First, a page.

In the alkaline pH, the SPR band was positioned at 380 nm and 420 nm by forming the narrow peak indicating particles are in small size. High stabilized nanoparticle was synthesized at the alkaline pH (Figure 2(f)). With increasing the pH of the reaction the optical absorbance was increased and also small sized nanoparticles were synthesized very quickly. In the low pH the nanoparticles were agglomerated and formed large sized nanoparticles [30]. Size, shape and distribution of nanoparticles were depending on the formation of one or more surface Plasmon resonance (SPR) bands. Formation of a single SPR band at short wavelengths revealed the presence of small sized spherical nanoparticles in the reaction mixture, whereas two or more SPR bands were shown at larger wavelengths indicates presence of large anisotropic nanoparticles [31]. Therefore, the narrow peak at 420 nm is likely shown due to formation of small spherical silver nanoparticles. Similarly the two bands for silver nanoparticles were early reported by Kumar et al. [31]. Silver nanoparticles were highly synthesized with small size in the alkaline pH due to the availability of large amount of positive functional groups in the leaf extract that allows silver ions to get more binding sites [32]. Similarly, Dwivedi and Gopal [33] reported synthesized nanoparticles are stable under a wide pH range and also they elaborated that lower pH 2 shows lower and broader absorbance as compared to the pH 4 onwards which can be due to the formation of larger nanoparticles.

3.3. Scanning Electron Microscope

SEM image shows the size and shape of the biosynthesized silver nanoparticles using M. tinctoria leaf extract. Size of the nanoparticles was observed at different magnifications. Spherical and rod shape of nanoparticles with high agglomeration was noted with the size range from 79 to 96 nm. In this SEM image, some of the nanoparticles show large size due to the aggregation of small size of nanoparticles (Figure 3). Polydispersed nanoparticles were observed in SEM image and revealed the result of UV-Vis spectrophotometer. The surfaces of aggregated nanoparticles were shown to be rough. Similarly, aggregation of nanoparticles was earlier reported by Ramgopal et al. [34] by using the extract of soap nuts in the reduction of silver ions. Aggregation of nanoparticles took place due to the insufficiency of capping agent in the leaf extract to synthesis of nanoparticles.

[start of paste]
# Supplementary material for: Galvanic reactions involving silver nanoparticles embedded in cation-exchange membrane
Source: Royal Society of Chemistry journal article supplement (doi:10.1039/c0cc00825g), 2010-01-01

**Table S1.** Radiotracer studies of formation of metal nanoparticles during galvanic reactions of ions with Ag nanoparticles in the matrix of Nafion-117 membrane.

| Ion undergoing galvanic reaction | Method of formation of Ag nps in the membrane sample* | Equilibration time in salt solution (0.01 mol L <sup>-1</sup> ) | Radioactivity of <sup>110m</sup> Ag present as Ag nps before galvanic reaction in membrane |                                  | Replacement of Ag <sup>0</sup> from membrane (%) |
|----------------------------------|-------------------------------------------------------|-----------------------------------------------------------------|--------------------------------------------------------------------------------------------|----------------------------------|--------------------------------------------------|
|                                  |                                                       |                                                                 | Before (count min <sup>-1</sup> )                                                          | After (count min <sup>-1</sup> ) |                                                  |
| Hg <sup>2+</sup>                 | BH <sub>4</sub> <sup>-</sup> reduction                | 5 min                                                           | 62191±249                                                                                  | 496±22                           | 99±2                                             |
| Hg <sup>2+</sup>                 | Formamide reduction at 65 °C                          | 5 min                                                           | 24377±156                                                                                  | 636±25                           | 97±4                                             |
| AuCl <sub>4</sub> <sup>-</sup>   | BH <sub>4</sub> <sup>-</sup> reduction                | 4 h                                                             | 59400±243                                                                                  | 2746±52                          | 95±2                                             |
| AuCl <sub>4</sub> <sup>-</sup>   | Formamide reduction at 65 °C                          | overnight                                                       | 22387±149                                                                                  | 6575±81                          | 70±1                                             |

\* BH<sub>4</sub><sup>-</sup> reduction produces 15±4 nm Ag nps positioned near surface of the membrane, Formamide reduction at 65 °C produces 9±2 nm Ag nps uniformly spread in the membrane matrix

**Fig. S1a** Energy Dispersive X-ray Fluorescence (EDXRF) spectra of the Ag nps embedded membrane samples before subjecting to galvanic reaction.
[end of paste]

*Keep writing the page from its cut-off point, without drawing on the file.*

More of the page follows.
3.4. XRD and EDX

Crystalline size and structure of the silver nanoparticles were carried out by XRD. The biosynthesized silver nanostructure by employing M. tinctoria leaf extract was further demonstrated and confirmed by the characteristic peaks observed in the XRD image (Figure 4). The four distinct diffraction peaks of the 2θ values of 38.26°C, 44.44°C, 64.58°C and 77.67°C can be assigned to the planes of , , , and , respectively, which indicates the silver nanoparticles are fcc and crystalline in nature (JCPDS file nos. 84-0713 and 04-0783). The broadening of Bragg’s peaks indicates the formation of nanoparticles.